Even before I saw The Return of the King, the movie haunted my dreams. Having read J.R.R. Tolkien's original Lord of the Rings trilogy a couple of times, I wasn't exactly losing sleep over whether intrepid hobbits Frodo (Elijah Wood) and Sam (Sean Astin) would fail in their quest to destroy the nefarious ring of power.
Instead, like many a geek, I didn't want to be disappointed by a King unworthy of the prior two films. I almost never dream of the things I write about, but in the months leading up to The Return of the King's release, anxieties invaded my slumbers. One dream found Frodo and Sam in the dusty utility room of the Mordor's dark kingdom, trying to ruin the ring by feeding it into a Cuisinart.
I should have rest assured. The Return of the King lives up to standards set by director Peter Jackson and his splendid creative team. The New Zealand director has called King his favorite, but the film itself doesn't invite such comparisons.
Instead, The Return of the King feels like the culmination and crescendo to a superb single film that's more than nine hours long. Peter Jackson's Lord of the Rings, like such classic works of the imagination as The Wizard of Oz, Star Wars and Tolkien's own books, unfolds like a dream shared by our whole culture.
Compared to the historic, Middle-Earth-shaking events that introduce The Fellowship of the Ring and the breathtaking duel that kicks off The Two Towers, King begins quietly, with a simple flashback that has intimations of Cain killing Abel and reminds us of the ring's corrupting power.
For the film's first half-hour we gradually get reacquainted with now-familiar figures like the wizard Gandalf (Ian McKellen), the elf princess Arwen (Liv Tyler, little-seen here) and the valiant human Aragorn (Viggo Mortensen), reluctant heir to the throne of the human kingdom of Gondor. It's not until we reach Gondor's capital city of Minas Tirith, a tiered metropolis seemingly hewn of marble and ivory, that King really begins.
Minis Tirith is the first target of Mordor's infernal forces, so Gandalf musters its defenses, despite opposition from the city's callous steward, Denethor (a seething John Noble). When signal fires ignite from mountaintop to mountaintop, it's as if an entire continent is called to arms.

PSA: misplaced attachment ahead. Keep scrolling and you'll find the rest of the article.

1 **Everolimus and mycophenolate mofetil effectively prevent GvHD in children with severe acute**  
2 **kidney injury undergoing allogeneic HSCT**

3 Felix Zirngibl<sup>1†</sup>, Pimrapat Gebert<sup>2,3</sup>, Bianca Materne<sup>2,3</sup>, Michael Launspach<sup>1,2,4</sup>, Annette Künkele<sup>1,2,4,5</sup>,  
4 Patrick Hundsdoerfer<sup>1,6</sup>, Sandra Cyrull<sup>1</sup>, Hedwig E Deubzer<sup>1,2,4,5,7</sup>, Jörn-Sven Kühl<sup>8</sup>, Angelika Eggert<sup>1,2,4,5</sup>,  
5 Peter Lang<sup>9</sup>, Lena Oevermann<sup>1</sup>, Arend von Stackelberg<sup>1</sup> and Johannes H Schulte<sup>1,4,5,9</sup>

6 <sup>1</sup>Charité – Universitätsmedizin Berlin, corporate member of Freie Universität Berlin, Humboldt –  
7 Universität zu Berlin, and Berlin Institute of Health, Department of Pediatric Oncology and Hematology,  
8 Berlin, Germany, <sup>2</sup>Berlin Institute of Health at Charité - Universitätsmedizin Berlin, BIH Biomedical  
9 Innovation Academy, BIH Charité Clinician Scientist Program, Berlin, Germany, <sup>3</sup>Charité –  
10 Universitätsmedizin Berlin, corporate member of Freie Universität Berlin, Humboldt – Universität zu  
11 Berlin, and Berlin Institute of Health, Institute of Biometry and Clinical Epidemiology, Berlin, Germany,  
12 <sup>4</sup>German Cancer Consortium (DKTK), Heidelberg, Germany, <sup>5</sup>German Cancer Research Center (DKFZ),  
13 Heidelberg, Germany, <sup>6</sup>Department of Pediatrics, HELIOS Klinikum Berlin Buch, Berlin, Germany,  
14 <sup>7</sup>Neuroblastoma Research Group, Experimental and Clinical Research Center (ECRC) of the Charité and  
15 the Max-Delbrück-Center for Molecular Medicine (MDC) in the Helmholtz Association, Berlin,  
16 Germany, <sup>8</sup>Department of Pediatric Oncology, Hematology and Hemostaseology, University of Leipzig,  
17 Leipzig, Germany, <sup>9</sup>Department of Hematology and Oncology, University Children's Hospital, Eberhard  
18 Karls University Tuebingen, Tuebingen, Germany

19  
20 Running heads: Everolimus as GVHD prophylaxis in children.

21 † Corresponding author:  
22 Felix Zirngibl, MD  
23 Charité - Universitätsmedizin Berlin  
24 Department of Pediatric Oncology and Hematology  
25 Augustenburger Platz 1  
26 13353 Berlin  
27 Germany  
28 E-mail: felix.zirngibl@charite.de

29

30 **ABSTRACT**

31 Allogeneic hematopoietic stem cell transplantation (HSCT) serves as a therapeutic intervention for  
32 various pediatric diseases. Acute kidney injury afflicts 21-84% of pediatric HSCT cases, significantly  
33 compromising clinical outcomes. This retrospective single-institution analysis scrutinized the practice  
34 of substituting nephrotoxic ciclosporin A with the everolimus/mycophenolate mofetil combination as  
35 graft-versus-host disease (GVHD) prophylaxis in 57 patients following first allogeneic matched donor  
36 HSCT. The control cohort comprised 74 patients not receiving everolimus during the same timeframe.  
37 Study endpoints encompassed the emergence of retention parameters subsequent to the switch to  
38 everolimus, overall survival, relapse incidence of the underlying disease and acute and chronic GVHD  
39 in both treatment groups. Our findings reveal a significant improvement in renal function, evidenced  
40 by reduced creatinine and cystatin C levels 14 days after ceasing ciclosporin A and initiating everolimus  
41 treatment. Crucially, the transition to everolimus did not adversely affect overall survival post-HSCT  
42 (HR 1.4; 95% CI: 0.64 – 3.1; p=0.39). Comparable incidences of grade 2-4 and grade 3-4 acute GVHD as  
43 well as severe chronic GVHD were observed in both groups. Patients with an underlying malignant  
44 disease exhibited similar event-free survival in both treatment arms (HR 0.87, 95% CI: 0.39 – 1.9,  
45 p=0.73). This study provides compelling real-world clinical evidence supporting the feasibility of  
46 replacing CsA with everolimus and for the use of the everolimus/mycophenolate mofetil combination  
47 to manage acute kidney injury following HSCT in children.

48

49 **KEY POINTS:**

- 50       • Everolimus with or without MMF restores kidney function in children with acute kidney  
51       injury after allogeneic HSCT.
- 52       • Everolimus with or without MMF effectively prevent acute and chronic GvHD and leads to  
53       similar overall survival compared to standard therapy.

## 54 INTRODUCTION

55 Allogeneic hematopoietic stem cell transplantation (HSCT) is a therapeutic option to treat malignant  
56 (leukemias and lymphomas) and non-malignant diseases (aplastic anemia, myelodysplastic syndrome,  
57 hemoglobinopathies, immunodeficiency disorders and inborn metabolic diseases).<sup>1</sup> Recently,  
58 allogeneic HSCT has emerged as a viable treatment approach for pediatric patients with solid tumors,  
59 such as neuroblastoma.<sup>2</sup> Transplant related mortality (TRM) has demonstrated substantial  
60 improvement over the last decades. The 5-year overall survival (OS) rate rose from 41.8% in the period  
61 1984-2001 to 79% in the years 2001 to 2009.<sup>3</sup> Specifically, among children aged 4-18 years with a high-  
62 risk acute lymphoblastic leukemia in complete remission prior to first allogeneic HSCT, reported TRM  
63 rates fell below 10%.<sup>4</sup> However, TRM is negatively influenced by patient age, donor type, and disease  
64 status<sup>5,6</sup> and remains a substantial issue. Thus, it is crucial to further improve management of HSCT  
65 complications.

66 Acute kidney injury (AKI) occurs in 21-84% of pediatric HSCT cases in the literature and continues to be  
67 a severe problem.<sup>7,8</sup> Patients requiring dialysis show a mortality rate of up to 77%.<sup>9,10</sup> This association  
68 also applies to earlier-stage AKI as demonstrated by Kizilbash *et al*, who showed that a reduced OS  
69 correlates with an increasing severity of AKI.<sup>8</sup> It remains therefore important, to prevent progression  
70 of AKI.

Yet for all the pivotal battles, which include troops on horseback facing savage flying reptiles and elephants the size of battleships, the film's human conflict remains with the trio of Frodo, Sam and the scheming Gollum (voiced by Andy Serkis). As Gollum casts suspicion between the two friends, the give-and-take of greed, paranoia and loyalty feels like Treasure of the Sierra Madre relocated to hell itself.
It's possible that no epic film can exceed King for sustained intensity. The director is unquestionably King's star, and he alternates between the combat thrills of a war movie and the suspense of a horror film. You gasp at the siege of Minas Tirith, which includes POV-shots of catapulted boulders crashing into buildings or squashing platoons. Then you squirm at the finely drawn tension when Frodo is stalked by the nightmarish spider Shelob.
King proves such a cascading experience, so full of shocks and miracles, that it's almost too much of a good thing. There are nearly too many skirmishes for your eyes to see, too many fantastical settings for your mind to contain in a single sitting. And remarkable as the special effects may be, they reach their limits. Too often we can tell when amassing armies are computer generated, and while a horde of ghostly soldiers make an unnerving sight, they look a bit too much like extras from The Haunted Mansion.
You wish the fine cast had more chances to shine amid the spectacle. A lucky one is Billy Boyd, who shows how foolhardy Pippin finds wisdom in the face of possible annihilation. One of the most memorable moments has Pippin singing a mournful tune as noble troops ride to certain death.
King proves the most moving of the three films, not least by marking the end of a journey not just for the characters and the filmmakers, but the audience itself. During its codas, we see reunions and resolutions of events established two years ago, and the scripters don't let excessive dialogue get in the way of the enormous feelings of release and closure. Lord of the Rings isn't cinema's first fantasy trilogy, but more than the Matrix or Star Wars films, it fully realizes the potential of the serial epic for emotional payoff.
And it's not quite over. In 2004 the Extended Edition DVD of Return of the King will include some of the character moments the theatrical release rushes past. We already know that King's most conspicuous loose end, the fate of Christopher Lee's vicious Saruman, will be on disc. Perhaps the DVD won't improve Return of the King, but nor will it dim the film's newly claimed status as an essential. The circle will be unbroken.
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